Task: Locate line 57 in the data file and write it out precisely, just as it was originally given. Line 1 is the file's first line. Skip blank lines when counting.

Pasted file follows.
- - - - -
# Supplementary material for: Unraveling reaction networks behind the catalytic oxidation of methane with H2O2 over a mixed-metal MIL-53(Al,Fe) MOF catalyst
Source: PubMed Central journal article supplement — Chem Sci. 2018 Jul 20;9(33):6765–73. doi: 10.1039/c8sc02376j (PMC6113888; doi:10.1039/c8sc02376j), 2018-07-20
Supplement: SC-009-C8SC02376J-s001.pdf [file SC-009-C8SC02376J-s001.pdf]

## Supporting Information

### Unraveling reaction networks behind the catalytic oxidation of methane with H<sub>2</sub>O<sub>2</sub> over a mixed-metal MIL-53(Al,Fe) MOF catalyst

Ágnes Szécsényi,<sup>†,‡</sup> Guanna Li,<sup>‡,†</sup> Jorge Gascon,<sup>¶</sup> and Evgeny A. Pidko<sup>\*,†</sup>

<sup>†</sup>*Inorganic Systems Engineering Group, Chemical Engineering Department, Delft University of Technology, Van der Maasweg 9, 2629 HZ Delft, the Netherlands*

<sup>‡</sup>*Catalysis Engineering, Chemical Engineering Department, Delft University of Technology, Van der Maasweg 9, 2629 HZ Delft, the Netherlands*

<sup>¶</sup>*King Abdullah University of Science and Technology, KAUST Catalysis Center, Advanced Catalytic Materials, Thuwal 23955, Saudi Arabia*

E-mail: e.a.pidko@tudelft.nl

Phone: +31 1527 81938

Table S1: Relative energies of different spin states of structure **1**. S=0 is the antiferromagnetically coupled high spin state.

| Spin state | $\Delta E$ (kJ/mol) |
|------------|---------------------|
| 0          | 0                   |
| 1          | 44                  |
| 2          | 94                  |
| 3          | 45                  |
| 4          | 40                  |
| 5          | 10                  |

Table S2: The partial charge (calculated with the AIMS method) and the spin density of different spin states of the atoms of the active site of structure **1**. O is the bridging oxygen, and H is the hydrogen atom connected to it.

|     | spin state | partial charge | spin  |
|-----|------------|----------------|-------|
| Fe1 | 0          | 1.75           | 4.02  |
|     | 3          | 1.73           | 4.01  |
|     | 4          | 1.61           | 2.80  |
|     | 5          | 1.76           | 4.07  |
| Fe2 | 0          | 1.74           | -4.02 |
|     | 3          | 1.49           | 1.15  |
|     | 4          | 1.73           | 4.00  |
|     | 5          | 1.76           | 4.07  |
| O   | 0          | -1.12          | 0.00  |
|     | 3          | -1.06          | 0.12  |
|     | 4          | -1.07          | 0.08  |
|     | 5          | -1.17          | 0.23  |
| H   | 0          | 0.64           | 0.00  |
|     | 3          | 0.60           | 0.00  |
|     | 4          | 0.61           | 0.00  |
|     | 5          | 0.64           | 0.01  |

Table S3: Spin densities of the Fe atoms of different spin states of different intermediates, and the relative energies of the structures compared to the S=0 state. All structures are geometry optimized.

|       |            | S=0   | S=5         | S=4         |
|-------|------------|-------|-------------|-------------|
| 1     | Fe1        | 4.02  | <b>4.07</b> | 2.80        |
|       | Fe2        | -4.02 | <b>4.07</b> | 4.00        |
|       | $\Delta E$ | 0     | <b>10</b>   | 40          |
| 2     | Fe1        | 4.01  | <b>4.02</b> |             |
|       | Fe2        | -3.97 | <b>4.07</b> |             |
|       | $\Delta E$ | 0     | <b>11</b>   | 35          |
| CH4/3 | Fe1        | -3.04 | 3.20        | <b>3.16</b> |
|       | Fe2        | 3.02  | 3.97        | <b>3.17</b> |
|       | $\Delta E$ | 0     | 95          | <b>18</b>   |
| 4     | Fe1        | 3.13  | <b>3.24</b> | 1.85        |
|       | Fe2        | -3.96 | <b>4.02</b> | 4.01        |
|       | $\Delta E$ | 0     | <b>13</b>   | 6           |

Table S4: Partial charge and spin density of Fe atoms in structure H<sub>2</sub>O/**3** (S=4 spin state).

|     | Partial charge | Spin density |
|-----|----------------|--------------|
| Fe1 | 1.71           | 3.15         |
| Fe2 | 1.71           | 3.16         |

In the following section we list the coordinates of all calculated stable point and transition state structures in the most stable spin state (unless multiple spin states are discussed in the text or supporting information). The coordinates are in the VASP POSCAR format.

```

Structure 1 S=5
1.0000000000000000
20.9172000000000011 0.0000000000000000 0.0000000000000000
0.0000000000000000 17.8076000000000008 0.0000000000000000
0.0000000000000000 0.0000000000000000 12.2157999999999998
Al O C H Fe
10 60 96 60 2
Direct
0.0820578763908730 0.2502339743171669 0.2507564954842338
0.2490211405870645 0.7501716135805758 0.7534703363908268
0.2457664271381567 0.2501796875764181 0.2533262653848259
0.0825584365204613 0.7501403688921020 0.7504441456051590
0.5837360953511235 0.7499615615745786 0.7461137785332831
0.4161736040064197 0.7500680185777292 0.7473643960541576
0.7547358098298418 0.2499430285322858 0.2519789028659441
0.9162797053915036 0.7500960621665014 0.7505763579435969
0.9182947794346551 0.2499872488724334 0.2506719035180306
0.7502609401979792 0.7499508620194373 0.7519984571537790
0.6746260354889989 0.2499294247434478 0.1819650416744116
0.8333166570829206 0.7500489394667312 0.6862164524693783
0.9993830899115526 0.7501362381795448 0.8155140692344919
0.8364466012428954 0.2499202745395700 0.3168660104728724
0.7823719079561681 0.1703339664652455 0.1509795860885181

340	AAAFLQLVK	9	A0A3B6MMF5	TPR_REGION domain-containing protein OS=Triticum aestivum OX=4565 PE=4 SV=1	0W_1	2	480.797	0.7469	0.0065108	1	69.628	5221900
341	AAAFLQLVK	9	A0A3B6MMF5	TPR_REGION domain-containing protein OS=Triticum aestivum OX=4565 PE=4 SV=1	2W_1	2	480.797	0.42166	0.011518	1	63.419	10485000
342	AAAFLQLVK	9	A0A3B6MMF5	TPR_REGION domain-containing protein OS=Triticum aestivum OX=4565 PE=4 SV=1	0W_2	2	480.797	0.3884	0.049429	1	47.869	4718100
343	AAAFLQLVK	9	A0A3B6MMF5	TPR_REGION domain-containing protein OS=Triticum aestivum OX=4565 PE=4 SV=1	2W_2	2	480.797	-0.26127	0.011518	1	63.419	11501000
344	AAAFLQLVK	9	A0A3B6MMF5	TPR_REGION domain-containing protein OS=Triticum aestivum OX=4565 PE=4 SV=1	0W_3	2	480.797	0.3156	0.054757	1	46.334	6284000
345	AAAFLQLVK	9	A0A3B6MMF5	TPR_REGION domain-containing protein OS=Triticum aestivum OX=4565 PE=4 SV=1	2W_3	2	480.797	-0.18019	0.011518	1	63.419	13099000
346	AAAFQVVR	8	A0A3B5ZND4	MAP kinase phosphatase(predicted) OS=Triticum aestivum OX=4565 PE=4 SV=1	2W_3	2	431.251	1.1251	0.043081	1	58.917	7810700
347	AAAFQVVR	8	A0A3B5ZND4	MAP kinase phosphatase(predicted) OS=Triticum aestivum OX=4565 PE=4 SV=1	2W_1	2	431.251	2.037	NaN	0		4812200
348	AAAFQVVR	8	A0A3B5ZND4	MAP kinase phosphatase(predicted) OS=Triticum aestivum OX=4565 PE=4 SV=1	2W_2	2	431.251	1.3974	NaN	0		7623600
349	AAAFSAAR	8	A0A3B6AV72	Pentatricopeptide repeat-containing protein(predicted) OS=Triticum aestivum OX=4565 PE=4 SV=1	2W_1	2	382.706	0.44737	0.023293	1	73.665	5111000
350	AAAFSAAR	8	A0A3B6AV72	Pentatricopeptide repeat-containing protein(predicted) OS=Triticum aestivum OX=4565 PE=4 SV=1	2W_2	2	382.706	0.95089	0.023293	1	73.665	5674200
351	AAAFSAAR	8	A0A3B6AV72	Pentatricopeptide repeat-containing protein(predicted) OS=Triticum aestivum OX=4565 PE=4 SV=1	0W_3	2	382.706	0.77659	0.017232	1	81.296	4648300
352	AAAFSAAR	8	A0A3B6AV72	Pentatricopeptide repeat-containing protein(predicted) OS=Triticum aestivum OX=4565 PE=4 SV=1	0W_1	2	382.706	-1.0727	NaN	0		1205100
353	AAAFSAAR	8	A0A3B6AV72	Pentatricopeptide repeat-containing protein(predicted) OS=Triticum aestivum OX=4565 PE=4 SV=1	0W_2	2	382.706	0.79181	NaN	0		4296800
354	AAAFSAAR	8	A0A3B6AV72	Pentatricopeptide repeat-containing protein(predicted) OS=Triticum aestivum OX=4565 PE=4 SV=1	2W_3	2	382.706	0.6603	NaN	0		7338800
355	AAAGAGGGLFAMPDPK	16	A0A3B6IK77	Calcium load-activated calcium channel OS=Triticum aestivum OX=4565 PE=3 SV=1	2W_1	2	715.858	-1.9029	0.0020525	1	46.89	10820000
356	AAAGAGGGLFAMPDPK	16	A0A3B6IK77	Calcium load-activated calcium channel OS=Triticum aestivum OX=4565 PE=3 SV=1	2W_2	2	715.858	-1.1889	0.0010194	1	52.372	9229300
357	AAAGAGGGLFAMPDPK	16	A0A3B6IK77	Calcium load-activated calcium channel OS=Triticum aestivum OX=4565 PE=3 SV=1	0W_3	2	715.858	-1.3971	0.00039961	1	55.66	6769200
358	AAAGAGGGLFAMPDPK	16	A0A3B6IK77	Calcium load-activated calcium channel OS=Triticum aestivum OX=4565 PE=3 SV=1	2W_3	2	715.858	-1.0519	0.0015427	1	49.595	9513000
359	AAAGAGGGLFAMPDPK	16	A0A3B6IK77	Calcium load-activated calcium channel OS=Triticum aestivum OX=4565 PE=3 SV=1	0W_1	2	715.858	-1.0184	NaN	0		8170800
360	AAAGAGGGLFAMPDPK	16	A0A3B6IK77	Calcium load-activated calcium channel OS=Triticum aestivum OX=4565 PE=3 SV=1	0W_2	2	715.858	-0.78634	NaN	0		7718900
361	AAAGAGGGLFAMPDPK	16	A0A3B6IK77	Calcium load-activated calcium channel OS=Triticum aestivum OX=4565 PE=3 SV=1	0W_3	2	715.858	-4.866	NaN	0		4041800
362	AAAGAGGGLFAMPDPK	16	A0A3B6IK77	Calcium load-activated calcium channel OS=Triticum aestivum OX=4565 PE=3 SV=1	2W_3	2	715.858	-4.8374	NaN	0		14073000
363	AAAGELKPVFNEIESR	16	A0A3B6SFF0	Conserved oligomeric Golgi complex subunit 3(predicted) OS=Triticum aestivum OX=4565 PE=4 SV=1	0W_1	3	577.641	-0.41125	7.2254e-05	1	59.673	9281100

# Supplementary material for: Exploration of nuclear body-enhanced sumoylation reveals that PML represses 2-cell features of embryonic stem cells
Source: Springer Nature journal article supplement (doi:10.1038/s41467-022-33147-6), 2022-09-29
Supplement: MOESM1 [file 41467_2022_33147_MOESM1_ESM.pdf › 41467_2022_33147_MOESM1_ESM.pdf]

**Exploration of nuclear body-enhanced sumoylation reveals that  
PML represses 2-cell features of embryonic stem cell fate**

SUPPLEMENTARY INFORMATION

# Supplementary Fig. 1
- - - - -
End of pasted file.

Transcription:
|-----|----------------|--------------|